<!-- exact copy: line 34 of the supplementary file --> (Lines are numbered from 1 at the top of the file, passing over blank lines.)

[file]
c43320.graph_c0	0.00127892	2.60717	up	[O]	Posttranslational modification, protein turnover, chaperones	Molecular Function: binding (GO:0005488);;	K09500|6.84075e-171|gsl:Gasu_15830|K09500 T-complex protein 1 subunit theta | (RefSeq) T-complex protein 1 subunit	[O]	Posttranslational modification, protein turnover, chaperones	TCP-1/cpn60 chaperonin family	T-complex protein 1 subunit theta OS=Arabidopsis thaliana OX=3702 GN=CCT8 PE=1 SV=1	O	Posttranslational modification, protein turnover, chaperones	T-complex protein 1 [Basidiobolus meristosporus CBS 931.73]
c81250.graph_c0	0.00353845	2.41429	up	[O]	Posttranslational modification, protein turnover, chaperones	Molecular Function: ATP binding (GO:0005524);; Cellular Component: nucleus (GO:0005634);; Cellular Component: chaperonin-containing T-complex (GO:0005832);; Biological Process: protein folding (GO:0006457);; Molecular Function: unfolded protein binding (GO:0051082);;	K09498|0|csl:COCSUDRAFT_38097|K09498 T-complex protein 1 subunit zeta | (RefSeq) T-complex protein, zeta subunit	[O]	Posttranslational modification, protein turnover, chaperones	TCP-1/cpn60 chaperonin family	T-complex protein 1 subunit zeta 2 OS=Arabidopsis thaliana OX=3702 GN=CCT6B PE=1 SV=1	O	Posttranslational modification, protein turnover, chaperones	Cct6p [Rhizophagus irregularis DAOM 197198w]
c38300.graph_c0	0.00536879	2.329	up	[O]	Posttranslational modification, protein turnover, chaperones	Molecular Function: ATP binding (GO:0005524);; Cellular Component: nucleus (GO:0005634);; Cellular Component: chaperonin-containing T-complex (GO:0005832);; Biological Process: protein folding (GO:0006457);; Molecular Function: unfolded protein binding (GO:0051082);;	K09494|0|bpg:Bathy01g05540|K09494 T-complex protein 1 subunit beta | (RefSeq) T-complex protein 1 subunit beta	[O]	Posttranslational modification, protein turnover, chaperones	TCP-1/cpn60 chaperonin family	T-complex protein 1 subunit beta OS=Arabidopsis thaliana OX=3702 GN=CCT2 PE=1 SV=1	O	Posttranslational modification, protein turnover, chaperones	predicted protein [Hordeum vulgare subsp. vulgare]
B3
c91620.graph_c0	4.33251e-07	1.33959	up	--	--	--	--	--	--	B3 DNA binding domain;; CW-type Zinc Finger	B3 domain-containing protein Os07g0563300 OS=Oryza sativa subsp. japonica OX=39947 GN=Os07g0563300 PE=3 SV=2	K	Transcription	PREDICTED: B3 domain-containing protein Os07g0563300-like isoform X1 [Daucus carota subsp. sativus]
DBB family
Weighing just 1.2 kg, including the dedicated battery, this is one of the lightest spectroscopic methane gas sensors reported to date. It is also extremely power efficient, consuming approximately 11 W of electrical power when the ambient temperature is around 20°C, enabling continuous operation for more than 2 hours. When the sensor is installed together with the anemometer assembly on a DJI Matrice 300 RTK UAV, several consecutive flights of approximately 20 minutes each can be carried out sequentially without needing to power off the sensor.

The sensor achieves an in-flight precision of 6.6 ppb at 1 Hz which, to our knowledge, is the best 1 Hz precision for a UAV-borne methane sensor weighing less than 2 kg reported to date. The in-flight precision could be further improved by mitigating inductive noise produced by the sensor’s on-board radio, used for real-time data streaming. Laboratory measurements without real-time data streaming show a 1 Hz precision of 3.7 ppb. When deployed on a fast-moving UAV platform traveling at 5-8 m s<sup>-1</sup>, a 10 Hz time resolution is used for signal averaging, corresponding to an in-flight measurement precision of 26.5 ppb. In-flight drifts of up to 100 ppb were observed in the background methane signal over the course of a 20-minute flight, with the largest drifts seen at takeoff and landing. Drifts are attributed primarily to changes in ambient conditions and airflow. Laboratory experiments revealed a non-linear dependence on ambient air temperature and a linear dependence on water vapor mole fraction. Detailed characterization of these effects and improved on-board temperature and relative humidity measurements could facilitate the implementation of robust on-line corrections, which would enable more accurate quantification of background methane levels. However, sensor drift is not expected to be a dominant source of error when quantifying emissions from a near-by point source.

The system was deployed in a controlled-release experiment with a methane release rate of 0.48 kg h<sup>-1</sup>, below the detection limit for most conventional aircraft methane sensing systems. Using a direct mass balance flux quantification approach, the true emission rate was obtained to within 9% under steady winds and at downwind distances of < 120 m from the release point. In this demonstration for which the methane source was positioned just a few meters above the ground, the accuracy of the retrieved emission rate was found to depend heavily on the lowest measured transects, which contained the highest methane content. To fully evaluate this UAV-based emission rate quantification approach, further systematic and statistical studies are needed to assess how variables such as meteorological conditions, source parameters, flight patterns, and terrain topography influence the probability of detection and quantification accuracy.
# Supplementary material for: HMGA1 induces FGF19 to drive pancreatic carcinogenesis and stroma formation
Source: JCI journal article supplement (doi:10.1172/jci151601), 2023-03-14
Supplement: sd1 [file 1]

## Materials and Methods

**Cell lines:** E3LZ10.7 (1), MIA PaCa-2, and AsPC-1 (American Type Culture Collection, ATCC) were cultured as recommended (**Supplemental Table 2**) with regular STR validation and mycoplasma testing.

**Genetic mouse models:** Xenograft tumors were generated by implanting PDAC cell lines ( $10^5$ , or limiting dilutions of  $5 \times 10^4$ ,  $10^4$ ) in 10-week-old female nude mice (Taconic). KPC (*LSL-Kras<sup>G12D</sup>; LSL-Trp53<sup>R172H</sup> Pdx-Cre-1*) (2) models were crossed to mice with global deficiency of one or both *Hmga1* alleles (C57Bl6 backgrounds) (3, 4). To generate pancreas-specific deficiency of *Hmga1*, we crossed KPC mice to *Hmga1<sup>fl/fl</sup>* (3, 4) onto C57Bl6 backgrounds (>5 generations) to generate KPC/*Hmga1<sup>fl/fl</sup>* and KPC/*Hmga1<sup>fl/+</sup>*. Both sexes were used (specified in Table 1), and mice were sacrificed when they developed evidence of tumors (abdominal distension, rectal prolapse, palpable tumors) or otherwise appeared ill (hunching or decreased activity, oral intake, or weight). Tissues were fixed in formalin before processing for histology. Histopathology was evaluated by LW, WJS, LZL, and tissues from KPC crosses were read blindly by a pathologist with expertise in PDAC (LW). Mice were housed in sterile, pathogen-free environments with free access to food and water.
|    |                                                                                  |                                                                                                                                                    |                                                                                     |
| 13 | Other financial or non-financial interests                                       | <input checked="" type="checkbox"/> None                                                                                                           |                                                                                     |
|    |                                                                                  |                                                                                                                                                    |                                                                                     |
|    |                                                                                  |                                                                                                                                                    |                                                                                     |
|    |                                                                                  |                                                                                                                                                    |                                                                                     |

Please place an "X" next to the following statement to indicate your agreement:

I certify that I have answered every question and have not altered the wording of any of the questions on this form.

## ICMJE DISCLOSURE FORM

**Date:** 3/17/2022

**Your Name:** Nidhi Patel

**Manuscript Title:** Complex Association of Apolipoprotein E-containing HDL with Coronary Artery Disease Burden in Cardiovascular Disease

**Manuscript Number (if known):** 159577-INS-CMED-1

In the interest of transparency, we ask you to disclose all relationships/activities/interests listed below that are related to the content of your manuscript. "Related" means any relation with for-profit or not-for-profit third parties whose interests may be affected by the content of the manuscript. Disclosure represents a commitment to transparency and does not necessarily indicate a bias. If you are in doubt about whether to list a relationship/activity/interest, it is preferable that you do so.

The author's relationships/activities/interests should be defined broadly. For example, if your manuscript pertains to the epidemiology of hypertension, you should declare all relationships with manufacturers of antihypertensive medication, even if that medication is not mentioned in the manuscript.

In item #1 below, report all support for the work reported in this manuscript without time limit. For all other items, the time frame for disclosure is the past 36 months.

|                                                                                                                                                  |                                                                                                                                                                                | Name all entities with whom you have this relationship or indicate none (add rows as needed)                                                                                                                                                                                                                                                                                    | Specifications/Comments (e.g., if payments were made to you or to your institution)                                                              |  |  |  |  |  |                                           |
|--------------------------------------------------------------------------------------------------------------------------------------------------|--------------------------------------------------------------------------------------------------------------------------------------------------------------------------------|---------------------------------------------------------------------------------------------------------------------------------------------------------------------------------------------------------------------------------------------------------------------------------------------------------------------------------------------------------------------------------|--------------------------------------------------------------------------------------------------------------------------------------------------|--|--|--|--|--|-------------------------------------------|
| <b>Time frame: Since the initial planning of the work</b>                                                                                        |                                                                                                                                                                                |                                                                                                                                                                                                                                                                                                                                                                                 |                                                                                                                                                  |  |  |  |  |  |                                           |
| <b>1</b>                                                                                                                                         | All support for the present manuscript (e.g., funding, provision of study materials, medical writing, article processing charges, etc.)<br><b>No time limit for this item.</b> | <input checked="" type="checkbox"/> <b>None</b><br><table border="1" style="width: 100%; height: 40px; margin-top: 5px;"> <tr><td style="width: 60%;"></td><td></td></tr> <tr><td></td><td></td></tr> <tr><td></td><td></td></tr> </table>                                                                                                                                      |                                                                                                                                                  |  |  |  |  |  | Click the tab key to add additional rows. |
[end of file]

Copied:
| <b>1</b>                                                                                                                                         | All support for the present manuscript (e.g., funding, provision of study materials, medical writing, article processing charges, etc.)<br><b>No time limit for this item.</b> | <input checked="" type="checkbox"/> <b>None</b><br><table border="1" style="width: 100%; height: 40px; margin-top: 5px;"> <tr><td style="width: 60%;"></td><td></td></tr> <tr><td></td><td></td></tr> <tr><td></td><td></td></tr> </table>                                                                                                                                      |                                                                                                                                                  |  |  |  |  |  | Click the tab key to add additional rows. |